In 2003, a 16-year-old Spaniard emerged on the tennis scene, defeating former world No. 1 Carlos Moya in Hamburg. The consensus? Rafael Nadal had the potential to be a pretty good tennis player. If only the world knew what was in store.
In 2020, the now 34-year-old Nadal is unrivaled at Roland-Garros, or the French Open, racking up titles as if they are mere formalities and putting away world-class players as if they belong on the junior tour. His most recent conquest was during the 2020 French Open, where he trounced current world No. 1 Novak Djokovic in a 6-0, 6-2, 7-5 final.
We have to recognize the significance of Nadal’s performances. There are good records, and then there are great records. What Nadal has done in the French Open reaches the tier of unimaginable — 15 years and 13 titles. This success lies in the same vein as Joe DiMaggio’s hitting streak, Jerry Rice’s career receiving yards record, Wayne Gretzky’s points record and Wilt Chamberlain’s 100 points in a single game. In the history of men’s tennis, no other male player has won more than eight majors at a single event, and they have certainly never seemed unbeatable. Nadal is 100-2 at the French Open, looks primed to win several more titles and appears unflinching even as age bears down on him. It seems appreciative nicknames and accolades do not do justice to Nadal: On clay, he is unmatched, unbeatable and invincible.
It would be an injustice to discuss Nadal’s continued dominance without recognizing the other athletes who own men’s tennis. Nadal’s 20th Grand Slam title ties him with Roger Federer for the most ever Grand Slam titles. Djokovic lurks closely behind with 17 titles. A French Open victory would have allowed Djokovic to claim an unprecedented win over tennis’s best clay-court player on the biggest stage and an improved head-to-head record against his greatest foe, but Nadal is too great.
Meanwhile, Federer watched this year’s French Open from home due to a knee surgery, but he was certainly aware of the stakes. Once unanimously considered the greatest player tennis has ever seen, the 39-year-old’s grasp on that honor is slipping. Djokovic has continued to oust his competition at the other Grand Slams, and Nadal has had a remarkable career resurgence as he remains undefeated on clay. The competition for the tennis throne is only getting narrower.
This debate is intensified by the similarities of these players’ careers and the difference in what each individual represents as an athlete. Federer, Nadal and Djokovic have battled in nearly every great match of the 21st century, and their primes have had remarkable overlaps. Despite this similarity, they are each special. Federer is poetry in motion. Only his game can be described as beautiful, with his motion so precise it is inimitable. Nadal is a fighter, the man John McEnroe dubbed “relentless” when Nadal was just a teenager. Nadal’s commitment to give his very best is as inspiring as anything in the sport. He earns the nickname “Raging Bull” every time he steps on the court. Djokovic, meanwhile, has carved out a place in sports lore as a mental giant. He is the personification of perseverance. His comebacks in primetime matches are legendary, and his ability to silence a crowd of 15,000 is unparalleled.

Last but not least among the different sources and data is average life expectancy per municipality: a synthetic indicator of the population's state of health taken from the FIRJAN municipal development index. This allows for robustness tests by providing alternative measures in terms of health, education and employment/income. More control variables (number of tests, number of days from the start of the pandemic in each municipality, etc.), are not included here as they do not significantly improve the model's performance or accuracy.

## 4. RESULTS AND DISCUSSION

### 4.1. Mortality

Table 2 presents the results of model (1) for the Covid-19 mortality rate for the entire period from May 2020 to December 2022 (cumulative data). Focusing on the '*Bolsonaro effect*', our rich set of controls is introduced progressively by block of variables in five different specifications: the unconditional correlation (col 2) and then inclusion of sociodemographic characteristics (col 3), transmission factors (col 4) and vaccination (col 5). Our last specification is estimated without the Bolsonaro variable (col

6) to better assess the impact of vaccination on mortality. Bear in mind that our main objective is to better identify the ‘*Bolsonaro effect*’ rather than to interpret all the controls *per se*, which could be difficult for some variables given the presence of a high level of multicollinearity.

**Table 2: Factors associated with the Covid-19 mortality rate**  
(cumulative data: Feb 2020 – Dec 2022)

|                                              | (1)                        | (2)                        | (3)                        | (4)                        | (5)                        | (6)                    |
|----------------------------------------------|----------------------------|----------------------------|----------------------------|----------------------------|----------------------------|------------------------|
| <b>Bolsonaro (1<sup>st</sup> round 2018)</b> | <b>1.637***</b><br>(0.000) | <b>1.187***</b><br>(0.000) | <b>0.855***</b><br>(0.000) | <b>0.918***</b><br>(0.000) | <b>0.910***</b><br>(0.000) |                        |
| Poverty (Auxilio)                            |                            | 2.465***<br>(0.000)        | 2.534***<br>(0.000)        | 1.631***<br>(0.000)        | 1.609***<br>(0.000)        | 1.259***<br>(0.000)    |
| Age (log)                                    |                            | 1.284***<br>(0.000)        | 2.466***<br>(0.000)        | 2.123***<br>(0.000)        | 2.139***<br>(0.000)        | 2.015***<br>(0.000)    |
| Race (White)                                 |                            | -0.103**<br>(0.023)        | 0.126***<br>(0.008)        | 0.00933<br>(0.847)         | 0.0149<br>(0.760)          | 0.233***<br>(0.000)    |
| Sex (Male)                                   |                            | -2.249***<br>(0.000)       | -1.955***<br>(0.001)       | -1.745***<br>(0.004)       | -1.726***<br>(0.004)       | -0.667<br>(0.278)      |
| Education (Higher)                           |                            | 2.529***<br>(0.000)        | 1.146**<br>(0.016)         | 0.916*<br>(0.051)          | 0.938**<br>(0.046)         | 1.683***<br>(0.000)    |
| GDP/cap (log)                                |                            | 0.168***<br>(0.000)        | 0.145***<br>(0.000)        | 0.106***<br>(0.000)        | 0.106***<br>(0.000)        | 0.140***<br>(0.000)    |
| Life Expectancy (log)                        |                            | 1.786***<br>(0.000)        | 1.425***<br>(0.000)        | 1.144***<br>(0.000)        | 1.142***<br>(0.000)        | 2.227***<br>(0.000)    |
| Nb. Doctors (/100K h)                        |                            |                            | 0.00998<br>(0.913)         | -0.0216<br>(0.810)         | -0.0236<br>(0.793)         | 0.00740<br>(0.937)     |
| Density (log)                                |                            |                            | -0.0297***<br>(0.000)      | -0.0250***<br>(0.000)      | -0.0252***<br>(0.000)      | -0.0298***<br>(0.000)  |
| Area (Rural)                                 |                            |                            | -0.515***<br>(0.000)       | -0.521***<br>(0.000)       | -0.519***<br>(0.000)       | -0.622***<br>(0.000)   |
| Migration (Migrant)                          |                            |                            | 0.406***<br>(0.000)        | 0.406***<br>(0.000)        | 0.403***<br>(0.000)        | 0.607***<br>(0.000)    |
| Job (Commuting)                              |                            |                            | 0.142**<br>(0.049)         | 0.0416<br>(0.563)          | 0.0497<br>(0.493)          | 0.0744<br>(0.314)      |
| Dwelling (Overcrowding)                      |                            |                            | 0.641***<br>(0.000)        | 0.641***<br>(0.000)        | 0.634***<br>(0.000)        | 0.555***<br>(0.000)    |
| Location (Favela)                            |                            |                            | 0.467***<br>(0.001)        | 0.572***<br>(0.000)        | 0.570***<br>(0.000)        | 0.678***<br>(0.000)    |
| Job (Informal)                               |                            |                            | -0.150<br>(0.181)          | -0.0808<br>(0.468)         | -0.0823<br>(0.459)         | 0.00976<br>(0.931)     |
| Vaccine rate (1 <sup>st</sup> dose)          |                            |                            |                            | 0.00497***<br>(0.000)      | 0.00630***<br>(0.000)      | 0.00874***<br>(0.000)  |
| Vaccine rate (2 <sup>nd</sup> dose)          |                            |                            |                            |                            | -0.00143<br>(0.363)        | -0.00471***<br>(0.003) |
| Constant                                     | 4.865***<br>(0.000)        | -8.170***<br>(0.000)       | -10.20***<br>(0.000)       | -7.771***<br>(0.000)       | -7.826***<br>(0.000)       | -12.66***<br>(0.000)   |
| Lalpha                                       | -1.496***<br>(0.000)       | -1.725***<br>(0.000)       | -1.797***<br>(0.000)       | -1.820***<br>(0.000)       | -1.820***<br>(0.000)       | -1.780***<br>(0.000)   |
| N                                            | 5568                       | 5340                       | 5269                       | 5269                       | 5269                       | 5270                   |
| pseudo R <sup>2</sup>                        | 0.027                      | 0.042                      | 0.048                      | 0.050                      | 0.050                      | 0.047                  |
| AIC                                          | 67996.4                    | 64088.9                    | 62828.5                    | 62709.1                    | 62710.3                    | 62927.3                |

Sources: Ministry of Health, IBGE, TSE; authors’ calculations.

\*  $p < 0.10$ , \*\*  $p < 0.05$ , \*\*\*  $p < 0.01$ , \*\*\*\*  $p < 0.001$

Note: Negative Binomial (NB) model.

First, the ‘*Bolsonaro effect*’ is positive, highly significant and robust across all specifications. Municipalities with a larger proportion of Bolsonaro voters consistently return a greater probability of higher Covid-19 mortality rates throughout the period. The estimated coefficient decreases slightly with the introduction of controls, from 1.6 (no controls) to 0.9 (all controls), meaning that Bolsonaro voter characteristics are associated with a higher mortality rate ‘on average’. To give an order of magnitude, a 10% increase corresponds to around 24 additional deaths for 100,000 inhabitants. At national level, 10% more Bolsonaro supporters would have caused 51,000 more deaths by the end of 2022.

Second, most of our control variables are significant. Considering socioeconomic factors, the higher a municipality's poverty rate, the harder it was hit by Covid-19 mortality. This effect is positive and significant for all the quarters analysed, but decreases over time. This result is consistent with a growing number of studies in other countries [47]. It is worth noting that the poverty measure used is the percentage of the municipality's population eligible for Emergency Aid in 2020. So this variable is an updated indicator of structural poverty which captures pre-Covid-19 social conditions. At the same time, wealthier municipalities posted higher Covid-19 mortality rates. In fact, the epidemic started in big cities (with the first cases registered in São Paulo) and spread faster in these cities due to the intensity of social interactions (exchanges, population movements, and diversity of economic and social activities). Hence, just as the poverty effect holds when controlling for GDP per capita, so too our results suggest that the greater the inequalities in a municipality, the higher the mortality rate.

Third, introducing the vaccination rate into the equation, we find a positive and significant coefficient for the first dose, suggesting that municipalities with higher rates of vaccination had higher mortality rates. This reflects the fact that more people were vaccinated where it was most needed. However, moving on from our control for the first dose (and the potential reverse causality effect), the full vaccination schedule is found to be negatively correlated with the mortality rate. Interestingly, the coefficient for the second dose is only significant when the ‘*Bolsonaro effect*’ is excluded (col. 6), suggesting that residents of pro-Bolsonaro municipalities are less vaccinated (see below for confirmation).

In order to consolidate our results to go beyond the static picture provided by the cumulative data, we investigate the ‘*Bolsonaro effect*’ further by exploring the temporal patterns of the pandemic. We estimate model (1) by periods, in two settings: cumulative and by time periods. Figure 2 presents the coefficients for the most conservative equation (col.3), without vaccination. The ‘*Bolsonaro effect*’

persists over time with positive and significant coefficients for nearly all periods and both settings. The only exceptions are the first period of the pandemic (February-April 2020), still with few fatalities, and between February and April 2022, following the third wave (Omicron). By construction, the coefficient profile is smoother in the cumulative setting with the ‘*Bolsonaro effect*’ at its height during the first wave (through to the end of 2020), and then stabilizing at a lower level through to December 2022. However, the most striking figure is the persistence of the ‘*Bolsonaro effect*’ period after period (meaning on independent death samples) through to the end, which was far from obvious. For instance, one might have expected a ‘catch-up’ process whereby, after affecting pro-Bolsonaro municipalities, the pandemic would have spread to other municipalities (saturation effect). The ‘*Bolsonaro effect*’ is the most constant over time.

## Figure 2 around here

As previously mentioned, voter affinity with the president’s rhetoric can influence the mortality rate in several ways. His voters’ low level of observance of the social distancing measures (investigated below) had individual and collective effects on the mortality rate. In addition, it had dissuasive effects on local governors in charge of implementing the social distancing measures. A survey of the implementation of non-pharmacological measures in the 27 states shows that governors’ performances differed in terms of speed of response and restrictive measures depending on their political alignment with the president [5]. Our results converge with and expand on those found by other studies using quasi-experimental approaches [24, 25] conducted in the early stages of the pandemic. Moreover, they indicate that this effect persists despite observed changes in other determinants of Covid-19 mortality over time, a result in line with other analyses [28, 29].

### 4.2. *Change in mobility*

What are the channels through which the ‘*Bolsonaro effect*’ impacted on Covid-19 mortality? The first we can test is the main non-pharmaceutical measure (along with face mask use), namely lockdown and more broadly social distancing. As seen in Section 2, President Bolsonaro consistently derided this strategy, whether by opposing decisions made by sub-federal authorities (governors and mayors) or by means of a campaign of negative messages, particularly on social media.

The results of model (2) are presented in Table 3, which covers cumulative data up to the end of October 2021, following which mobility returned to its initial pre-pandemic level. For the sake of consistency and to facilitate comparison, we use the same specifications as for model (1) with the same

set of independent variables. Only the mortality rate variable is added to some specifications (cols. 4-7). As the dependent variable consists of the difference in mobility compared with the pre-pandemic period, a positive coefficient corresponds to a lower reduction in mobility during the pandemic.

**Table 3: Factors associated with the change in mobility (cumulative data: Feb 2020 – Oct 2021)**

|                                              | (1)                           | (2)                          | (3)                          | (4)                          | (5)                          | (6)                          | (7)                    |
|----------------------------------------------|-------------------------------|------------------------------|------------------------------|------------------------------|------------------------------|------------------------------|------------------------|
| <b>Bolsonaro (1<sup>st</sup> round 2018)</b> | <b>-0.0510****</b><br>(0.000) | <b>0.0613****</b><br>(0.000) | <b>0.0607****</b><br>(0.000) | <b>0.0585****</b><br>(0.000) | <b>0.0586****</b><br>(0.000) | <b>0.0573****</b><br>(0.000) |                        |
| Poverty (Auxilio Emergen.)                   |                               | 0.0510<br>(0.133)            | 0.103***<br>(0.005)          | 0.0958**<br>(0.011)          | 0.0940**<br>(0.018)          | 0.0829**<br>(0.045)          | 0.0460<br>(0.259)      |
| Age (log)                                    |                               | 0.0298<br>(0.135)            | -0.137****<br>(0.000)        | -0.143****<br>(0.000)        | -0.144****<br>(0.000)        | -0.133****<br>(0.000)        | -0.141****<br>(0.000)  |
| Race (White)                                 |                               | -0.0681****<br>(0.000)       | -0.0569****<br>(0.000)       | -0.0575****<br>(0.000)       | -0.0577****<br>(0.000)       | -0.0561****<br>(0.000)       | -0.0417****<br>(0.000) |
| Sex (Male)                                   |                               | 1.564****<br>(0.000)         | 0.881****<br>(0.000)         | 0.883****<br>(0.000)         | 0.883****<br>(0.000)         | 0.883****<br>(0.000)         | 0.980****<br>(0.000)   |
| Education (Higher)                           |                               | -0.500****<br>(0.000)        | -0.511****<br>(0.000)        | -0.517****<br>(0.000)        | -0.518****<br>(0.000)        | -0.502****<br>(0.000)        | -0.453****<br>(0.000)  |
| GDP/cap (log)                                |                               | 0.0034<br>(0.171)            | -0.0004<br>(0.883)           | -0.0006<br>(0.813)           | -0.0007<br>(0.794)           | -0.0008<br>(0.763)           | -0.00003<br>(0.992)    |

But as impressive as each player is, their differences seem to have earned the Big Three more scrutiny. They have joined the pantheon of tennis greats in their own unique way, which only causes fans to analyze them more closely. As we seek to understand what matters most among titles, win streaks and head-to-head records, we also want to know what reigns supreme among Federer’s finesse, Nadal’s force and Djokovic’s resolve.
Given the narratives that have been constructed around their respective careers, it is difficult to not just pick the player that resonates with you the most and argue for his case as the greatest tennis player of all time. But with Nadal tying Federer with 20 Grand Slam titles, the most important criterion for the whole discussion, I believe he is alone on the mountaintop right now. Djokovic is adding to his resume at an alarming rate, and Federer may be poised for a comeback after a long break from tennis with a knee surgery, but Nadal has established himself as the man to beat on tour. The fight for supremacy in men’s tennis is as contentious as ever, and with his 13th French Open title in 15 tries, Nadal may have a claim to one of the greatest, most unbelievable records in sports.
Saar Shah is a freshman in the McDonough School of Business. The Fifth Quarter appears online every other week.